HOUSTON - Scientists who developed a technology for identifying and targeting unique protein receptor ZIP Codes on the cellular surface have found a way to penetrate the outer membrane and deliver engineered particles - called iPhage - to organelles inside the cell.
In a paper published today online in Nature Communications, the team led by researchers at The University of Texas MD Anderson Cancer Center reports packaging the phage particles with a peptide called penetratin to reach inside the cell.
This new capacity was used to screen for peptide ligands - binding agents - that connect to receptors on mitochondria, which generate a cell's energy, and ribosomes, which process mRNA to make proteins.
The team found a peptide that binds to a specific ribosomal protein called RPL29 which, when delivered with penetratin, disrupts ribosomal function and kills cells. Cell survival was reduced in both malignant and non-malignant cells and in both mouse and human cell lines.
"We provided proof-of-concept for a direct intracellular ligand-receptor screening technology, which is clearly an unmet need in cancer biology, along with the discovery of an organelle ZIP Code that mediates cell death," said Renata Pasqualini, Ph.D., co-senior author of the paper and a professor in MD Anderson's David H. Koch Center for Applied Research of Genitourinary Cancers.
The RPL29 pathway is a new cell death pathway. The researchers found evidence of three types of cell death caused by disrupting the pathway with the new ligand.
"The molecular tool reported here along with its future ramifications will hopefully be of interest to targeted drug development, gene delivery, and mechanisms of human organelle diseases," said Wadih Arap, M.D., Ph.D., also of the Koch Center.
The iPhage screens for ligands inside the cell
Arap and Pasqualini pioneered a screening technique that exploits the existence of unique ZIP Codes in the vascular system to identify molecular targets and the ligands that can be used to selectively hit them.
They developed engineered viral particles, called phage, and packaged them with massive peptide libraries. When injected, these phage/peptide combinations bind to specific receptors in the blood vessels and organs. Cells are then fractionated and analyzed to discover which ligands bind to specific surface proteins.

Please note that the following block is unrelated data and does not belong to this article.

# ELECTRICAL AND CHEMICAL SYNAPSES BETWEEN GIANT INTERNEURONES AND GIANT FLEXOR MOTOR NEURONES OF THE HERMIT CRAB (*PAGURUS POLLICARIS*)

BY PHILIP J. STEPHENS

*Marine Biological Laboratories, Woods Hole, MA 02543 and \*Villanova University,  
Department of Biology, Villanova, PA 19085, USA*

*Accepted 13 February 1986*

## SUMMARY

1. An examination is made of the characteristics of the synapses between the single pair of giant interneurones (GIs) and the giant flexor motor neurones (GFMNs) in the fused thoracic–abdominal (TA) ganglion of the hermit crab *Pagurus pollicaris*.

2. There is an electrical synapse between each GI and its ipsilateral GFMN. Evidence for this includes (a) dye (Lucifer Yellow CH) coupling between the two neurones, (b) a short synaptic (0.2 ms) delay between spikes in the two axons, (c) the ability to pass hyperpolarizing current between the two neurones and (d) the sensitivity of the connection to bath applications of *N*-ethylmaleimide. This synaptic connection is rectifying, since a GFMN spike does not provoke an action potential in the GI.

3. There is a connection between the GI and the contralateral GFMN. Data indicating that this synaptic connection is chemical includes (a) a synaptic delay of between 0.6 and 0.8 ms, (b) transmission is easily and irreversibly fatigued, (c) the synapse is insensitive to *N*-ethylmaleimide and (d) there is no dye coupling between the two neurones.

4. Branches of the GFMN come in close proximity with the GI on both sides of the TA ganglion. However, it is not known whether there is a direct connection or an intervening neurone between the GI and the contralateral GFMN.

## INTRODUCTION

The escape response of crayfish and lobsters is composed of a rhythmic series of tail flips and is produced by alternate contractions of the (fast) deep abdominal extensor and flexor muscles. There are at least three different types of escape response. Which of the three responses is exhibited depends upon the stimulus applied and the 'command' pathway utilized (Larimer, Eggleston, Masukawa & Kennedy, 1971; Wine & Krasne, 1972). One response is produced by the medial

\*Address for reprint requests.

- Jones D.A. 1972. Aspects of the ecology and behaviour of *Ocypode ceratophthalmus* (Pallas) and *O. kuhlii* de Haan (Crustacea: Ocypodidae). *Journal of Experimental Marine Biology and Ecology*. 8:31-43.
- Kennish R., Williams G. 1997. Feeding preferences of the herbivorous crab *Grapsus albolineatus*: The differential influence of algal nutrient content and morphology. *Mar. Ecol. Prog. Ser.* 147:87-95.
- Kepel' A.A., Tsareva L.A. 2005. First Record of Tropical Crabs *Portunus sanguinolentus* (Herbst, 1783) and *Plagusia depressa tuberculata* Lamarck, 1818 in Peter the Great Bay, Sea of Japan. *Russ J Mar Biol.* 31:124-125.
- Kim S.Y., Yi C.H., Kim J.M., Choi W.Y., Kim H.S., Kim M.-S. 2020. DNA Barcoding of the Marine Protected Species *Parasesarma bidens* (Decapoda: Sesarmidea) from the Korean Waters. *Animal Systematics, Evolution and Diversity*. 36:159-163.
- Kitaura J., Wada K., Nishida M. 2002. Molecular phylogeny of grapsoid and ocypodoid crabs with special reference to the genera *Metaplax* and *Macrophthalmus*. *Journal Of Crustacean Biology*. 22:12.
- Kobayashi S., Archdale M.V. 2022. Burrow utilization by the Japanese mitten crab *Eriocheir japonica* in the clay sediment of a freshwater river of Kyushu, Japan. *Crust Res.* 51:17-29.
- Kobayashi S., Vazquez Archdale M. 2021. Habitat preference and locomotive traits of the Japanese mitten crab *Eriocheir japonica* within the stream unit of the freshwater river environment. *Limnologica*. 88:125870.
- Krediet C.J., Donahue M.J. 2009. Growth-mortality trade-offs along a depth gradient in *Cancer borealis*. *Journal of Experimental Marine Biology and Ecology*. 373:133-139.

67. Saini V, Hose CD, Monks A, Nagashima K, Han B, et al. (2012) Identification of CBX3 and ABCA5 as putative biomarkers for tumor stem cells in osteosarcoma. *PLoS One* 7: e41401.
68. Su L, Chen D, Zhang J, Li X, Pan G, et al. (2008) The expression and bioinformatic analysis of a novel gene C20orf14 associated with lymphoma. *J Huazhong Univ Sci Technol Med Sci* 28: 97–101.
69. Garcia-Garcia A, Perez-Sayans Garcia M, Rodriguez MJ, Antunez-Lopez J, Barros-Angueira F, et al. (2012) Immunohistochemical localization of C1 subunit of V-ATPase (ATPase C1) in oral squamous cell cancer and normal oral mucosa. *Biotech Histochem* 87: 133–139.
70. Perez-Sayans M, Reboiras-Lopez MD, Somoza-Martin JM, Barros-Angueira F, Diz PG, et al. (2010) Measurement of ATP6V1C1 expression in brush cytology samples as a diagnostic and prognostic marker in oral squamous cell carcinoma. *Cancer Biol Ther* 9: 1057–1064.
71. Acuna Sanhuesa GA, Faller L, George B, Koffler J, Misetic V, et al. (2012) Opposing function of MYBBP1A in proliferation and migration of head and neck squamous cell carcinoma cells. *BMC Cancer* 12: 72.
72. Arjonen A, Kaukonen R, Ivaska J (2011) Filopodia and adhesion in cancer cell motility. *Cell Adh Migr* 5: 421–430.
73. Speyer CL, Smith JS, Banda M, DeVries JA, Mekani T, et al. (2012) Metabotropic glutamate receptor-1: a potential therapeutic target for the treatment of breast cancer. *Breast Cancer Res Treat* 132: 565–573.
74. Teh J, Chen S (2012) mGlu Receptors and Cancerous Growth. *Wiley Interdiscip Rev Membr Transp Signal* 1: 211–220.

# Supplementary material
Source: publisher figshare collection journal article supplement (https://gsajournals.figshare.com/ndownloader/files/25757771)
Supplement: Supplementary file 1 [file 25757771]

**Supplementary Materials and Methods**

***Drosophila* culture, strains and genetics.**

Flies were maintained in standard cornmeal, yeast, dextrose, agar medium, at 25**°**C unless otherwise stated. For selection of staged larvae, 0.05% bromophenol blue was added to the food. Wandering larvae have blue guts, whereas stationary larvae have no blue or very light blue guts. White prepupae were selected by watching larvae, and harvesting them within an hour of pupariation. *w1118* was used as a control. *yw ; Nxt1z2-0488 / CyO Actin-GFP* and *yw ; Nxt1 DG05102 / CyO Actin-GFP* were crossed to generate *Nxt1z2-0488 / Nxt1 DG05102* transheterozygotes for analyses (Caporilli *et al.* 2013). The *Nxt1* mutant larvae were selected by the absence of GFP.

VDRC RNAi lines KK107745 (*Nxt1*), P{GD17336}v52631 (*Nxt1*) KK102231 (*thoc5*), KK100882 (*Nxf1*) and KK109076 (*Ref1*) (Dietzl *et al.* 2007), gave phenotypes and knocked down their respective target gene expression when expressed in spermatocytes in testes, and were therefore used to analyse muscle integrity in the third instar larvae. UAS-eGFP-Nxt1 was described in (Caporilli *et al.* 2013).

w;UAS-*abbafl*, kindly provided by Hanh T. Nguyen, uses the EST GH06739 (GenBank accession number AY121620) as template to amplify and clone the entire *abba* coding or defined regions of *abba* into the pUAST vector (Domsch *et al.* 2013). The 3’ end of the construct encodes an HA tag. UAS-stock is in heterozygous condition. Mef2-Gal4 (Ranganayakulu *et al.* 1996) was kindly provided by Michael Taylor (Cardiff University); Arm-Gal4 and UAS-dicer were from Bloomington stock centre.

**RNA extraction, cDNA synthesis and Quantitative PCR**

Arap, Pasqualini and their colleagues have a number of targeted drugs in various stages of development based on screening and then delivery with the combinatorial particles.
The team wondered whether packaging the particles with penetratin, which is known to cross membranes without requiring a cellular receptor, would allow their technology to work inside of cells. "Penetratin makes a little bubble on the cell surface and the bubble goes in through the membrane," Arap said.
They dubbed the combination of penetratin and phage particles "internalizing phage," or iPhage. In a series of experiments, the team found:
Future studies will be needed to understand the complex cell death mechanism caused by the combination.
The study was funded by grants from the National Institutes of Health, the National Cancer Institute, the U.S. Department of Defense, by awards from AngelWorks, the Gilson-Longenbaugh Foundation, the Marcus Foundation, Inc., and MD Anderson's Odyssey Scholar program.
The University of Texas System, Arap and Pasqualini have equity in Alvos Therapeutics and Ablaris Therapeutics, MD Anderson manages and monitors these arrangements in accordance with its conflict-of-interest policy.
Co-authors with Arap and Pasqualini are co-first author Roberto Rangel and Liliana Guzman-Rojas, Fernanda Staquicini, Hitomi Hosoya, E. Magda Barbu, Michael Ozawa, Jing Nie and Erkki Koivunen, all of MD Anderson's Koch Center; Lucia le Roux and Juri Gelovani of MD Anderson's Department of Experimental Diagnostic Imaging; Kenneth Dunner Jr. and Robert Langley of MD Anderson's Department of Cancer Biology; E. Helene Sage of the Benaroya Research Institute at Virginia Mason in Seattle; Roy Lobb of Alvos Therapeutics, Waltham, Mass.; and Richard Sidman of Harvard Medical School and Beth Israel-Deaconess Medical Center in Boston.
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